A black bird. We see crows, grackles (not really black) and don’t bother looking at what they’re doing. They’re not easy to photograph well, with the dark feathers demanding great dynamic range to render the bird with detail while the bird stands against lighter backgrounds. I was intrigued by this bird, perched on top of a dead tree, looking about, calling out. I thought it was calling for its partner. Soon enough, another bird flew to its side and in a moment of surprise (for me), their beaks locked. And then the surprise. Needless to say, anything can be a revelation, if you look hard enough. On this warm November day. And every day, if you are willing to look. And learn.
Picky, picky, picky.
There is a message here, I think. You must try, even if you don’t succeed. You may even find out that what seems enticing really isn’t for you. Not every effort results in a desired outcome, but effort always imparts experience. Which, in the end, is the key to success. And finding out what you are about.
Can it be? It’s autumn in the northern hemisphere? Where did summer go? Heck, where did the year go? It has been a rather challenging year for almost everyone. With a scant three months before the page turns and 2020 becomes a memory, it is probably a good time to remember that the hardships and challenges we have endured are what life is about. It is not about jetting to some far off destination. Experiencing the delight of other places or tasting yet another new dish. Life is about living each day the best we can. To be kind and respectful. To watch and listen and learn. We don’t have to agree with what everyone says. Or what everyone does. We must do our part to not harm others. And this means respecting each other as if we are all borne of the same Father. That we are brothers and sisters in the most basic thing that defines each of us. Our DNA says so. Our RNA says so. Does our heart tell the same tale, or do we insist that enlightenment is only for the few? I tend to think it’s for the few. Oh. Check that. That kind of thinking, of allowing ourselves to think that we are better than the other only brings ruin to a community. If this pandemic wracked world has something left to teach us, let it be a simple reminder. A smile, even beneath a mask, still radiates warmth within. We cannot love everyone, but we can respect everyone. And in doing so, perhaps, that respect will become something greater. Something better. Perhaps.
With summer drawing to a close, these insects should be less troublesome while walking through Huntley Meadows. Of course, the birds will start their fall migration soon (some have already migrated).
We choose, for ourselves, the life we live. Personal choices. Personal responsibility.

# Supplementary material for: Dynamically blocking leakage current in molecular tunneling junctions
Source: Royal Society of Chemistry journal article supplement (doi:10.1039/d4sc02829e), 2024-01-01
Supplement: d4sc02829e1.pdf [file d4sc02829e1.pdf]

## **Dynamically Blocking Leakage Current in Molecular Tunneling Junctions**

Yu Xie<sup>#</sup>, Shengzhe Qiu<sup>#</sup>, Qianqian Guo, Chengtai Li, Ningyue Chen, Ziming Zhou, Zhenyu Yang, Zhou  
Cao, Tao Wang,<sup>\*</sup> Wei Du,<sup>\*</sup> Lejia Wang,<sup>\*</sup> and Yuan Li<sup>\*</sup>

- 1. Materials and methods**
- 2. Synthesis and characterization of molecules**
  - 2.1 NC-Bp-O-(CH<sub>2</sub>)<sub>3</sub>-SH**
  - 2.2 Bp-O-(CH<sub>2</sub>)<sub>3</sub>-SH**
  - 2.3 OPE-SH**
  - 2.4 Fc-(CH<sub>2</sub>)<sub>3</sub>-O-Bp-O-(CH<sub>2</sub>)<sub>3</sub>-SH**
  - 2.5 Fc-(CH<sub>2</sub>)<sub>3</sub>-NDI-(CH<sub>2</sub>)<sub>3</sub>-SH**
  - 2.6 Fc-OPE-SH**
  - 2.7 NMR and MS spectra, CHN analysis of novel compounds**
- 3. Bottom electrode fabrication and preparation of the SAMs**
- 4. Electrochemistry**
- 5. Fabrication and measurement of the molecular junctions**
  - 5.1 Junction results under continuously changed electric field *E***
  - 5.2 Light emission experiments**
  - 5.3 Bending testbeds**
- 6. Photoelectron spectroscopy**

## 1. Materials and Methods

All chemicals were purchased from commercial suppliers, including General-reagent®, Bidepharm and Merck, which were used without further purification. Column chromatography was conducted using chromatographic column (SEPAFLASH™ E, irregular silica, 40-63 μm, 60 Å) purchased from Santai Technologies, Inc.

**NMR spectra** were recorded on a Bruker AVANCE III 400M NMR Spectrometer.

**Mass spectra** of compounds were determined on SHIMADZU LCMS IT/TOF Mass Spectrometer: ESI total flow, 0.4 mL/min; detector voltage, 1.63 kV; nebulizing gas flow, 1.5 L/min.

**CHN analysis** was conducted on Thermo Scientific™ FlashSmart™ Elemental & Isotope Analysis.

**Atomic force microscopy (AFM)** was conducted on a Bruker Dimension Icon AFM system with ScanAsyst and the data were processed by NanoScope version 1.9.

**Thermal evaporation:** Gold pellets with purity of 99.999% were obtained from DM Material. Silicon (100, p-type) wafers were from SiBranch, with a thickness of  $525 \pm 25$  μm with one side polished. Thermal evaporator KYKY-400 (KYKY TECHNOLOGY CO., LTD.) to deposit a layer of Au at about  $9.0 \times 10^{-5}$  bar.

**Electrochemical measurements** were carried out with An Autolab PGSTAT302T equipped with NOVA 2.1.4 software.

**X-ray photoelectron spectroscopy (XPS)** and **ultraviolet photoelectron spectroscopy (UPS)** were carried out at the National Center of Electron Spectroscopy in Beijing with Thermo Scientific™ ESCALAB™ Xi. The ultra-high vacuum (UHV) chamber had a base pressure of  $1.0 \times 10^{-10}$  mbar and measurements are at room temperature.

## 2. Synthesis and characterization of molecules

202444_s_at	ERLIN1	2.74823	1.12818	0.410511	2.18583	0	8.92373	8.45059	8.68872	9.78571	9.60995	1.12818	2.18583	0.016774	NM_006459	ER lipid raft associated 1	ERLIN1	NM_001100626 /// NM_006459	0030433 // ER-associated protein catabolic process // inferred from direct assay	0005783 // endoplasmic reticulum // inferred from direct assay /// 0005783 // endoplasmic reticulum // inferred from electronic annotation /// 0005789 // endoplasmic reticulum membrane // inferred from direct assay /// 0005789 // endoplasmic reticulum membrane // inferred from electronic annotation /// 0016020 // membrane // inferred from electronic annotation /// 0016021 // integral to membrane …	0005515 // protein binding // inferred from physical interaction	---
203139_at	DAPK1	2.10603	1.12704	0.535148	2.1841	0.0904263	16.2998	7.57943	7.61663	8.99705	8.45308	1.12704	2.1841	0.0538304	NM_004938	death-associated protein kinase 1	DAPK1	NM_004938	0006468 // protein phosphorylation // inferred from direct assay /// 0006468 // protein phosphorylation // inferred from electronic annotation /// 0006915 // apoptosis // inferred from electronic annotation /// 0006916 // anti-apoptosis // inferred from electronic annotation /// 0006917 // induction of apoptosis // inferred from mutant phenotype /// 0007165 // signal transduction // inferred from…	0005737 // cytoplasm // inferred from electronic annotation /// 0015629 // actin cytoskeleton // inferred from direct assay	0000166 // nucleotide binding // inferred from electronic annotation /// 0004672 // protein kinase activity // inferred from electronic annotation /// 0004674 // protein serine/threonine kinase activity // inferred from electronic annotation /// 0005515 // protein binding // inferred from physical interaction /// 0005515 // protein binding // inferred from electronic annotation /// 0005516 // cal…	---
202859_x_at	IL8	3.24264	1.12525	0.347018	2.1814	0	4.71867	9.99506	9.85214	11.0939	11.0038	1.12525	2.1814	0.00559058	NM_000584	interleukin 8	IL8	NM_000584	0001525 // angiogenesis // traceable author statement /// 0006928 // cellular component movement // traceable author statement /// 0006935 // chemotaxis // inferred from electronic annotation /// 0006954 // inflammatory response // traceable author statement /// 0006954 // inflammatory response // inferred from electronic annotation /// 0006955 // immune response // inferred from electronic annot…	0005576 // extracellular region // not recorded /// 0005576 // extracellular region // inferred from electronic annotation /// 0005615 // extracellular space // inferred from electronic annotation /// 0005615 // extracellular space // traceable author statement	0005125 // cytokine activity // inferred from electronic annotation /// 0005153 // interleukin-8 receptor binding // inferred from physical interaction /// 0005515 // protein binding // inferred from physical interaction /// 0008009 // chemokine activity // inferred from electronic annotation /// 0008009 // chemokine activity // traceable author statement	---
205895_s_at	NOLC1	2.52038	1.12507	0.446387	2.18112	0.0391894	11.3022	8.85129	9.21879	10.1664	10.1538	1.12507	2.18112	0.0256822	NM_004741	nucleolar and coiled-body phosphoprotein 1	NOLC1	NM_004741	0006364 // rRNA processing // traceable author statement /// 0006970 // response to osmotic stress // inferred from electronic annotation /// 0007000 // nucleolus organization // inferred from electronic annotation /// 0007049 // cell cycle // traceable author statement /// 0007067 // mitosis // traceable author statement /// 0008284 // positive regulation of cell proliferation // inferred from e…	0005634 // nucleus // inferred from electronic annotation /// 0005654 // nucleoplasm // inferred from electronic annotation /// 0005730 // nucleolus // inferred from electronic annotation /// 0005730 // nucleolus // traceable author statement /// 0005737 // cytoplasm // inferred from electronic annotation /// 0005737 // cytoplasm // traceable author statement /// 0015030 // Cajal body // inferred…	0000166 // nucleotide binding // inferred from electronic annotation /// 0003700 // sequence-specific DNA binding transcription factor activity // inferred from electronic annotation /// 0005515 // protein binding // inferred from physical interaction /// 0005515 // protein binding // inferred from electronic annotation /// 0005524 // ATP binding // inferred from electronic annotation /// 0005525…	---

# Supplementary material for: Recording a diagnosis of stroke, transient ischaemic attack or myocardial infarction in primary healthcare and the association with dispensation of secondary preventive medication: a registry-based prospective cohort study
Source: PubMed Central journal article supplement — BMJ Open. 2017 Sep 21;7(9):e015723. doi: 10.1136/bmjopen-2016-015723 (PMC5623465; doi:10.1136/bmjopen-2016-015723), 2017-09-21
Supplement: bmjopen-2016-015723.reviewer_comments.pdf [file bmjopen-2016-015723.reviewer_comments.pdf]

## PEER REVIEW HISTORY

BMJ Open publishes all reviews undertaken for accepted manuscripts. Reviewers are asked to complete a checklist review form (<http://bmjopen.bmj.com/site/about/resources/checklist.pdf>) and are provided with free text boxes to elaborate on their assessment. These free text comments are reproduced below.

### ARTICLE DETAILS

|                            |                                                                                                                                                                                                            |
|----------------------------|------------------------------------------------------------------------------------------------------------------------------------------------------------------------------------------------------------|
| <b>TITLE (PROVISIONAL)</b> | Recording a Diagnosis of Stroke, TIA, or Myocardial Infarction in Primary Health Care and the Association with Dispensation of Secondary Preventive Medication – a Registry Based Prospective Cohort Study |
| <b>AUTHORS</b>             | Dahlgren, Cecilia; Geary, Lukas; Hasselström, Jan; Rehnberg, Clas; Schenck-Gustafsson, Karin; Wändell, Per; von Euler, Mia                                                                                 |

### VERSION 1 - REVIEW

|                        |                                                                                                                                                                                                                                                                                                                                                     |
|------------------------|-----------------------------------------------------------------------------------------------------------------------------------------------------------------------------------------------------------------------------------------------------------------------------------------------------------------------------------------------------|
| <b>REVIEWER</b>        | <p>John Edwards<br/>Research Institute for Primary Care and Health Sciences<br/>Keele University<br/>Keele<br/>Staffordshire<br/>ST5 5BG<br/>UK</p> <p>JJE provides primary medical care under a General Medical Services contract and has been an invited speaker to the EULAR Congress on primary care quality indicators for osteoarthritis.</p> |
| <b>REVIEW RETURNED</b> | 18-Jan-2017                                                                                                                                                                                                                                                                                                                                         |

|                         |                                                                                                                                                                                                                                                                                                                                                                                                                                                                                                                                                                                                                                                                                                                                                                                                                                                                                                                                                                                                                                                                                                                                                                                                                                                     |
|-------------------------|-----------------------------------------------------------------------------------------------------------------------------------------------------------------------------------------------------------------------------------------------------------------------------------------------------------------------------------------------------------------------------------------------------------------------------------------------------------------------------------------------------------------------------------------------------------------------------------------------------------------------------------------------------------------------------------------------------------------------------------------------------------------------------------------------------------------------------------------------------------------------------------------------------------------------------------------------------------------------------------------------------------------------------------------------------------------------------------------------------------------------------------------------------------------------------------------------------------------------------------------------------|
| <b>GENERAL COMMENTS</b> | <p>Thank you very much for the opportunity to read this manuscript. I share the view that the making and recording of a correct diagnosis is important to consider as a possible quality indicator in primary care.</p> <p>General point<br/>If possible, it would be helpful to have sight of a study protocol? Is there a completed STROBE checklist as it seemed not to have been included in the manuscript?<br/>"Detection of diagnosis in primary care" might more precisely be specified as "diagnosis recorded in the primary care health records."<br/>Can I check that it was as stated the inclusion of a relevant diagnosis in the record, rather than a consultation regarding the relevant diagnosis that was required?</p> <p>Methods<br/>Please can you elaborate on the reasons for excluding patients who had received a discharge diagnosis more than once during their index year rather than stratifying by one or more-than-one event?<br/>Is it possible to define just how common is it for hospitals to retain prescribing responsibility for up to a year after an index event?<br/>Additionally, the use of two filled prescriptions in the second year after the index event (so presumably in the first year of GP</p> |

Remember what it felt like to fly free?
One can keep going to the garden and take the same kind of pictures. Overviews of flowerbeds with a wide angle lens. Macro photographs of bees. And you can come up with some incredible pictures. Here’s the deal, whatever you do. The most important thing that you can do to make a good picture is understand light. That’s it. Photography, after all, captures light reflected from objects. Or light emanating from light sources. Direct lighting. Diffused lighting. Specular lighting. Harsh. Soft. Color temperature. The angle of light in the scene. Background, side, foreground lighting. Light is always there, in every picture that you take. You might as well learn to work with it.
What does this little blurb have to do with these pictures? Well, you can use a combination of diffused lighting and strong back lighting to create pictures that evoke the feel of an impressionist painting. Are these pictures the next van Gogh, Renoir or Manet painting that takes the world by storm. No. Though when I look at them, I feel the beauty that they saw, and know there is still much to be learned. About flowers. About light. About art. About life.
And what lens did I use for these photographs? Not a macro lens. Not a wide angle lens. I was looking for birds, you see, and I saw flowers instead. Yes, that incredible Sony 200-600mm lens.
For giving us such great books to fill our minds (and hearts) with wonder. For the words that provide inspiration every day:
“The most important words a man can say are, “I will do better.” These are not the most important words any man can say. I am a man, and they are what I needed to say.
The ancient code of the Knights Radiant says “journey before destination.” Some may call it a simple platitude, but it is far more. A journey will have pain and failure. It is not only the steps forward that we must accept. It is the stumbles. The trials. The knowledge that we will fail. That we will hurt those around us.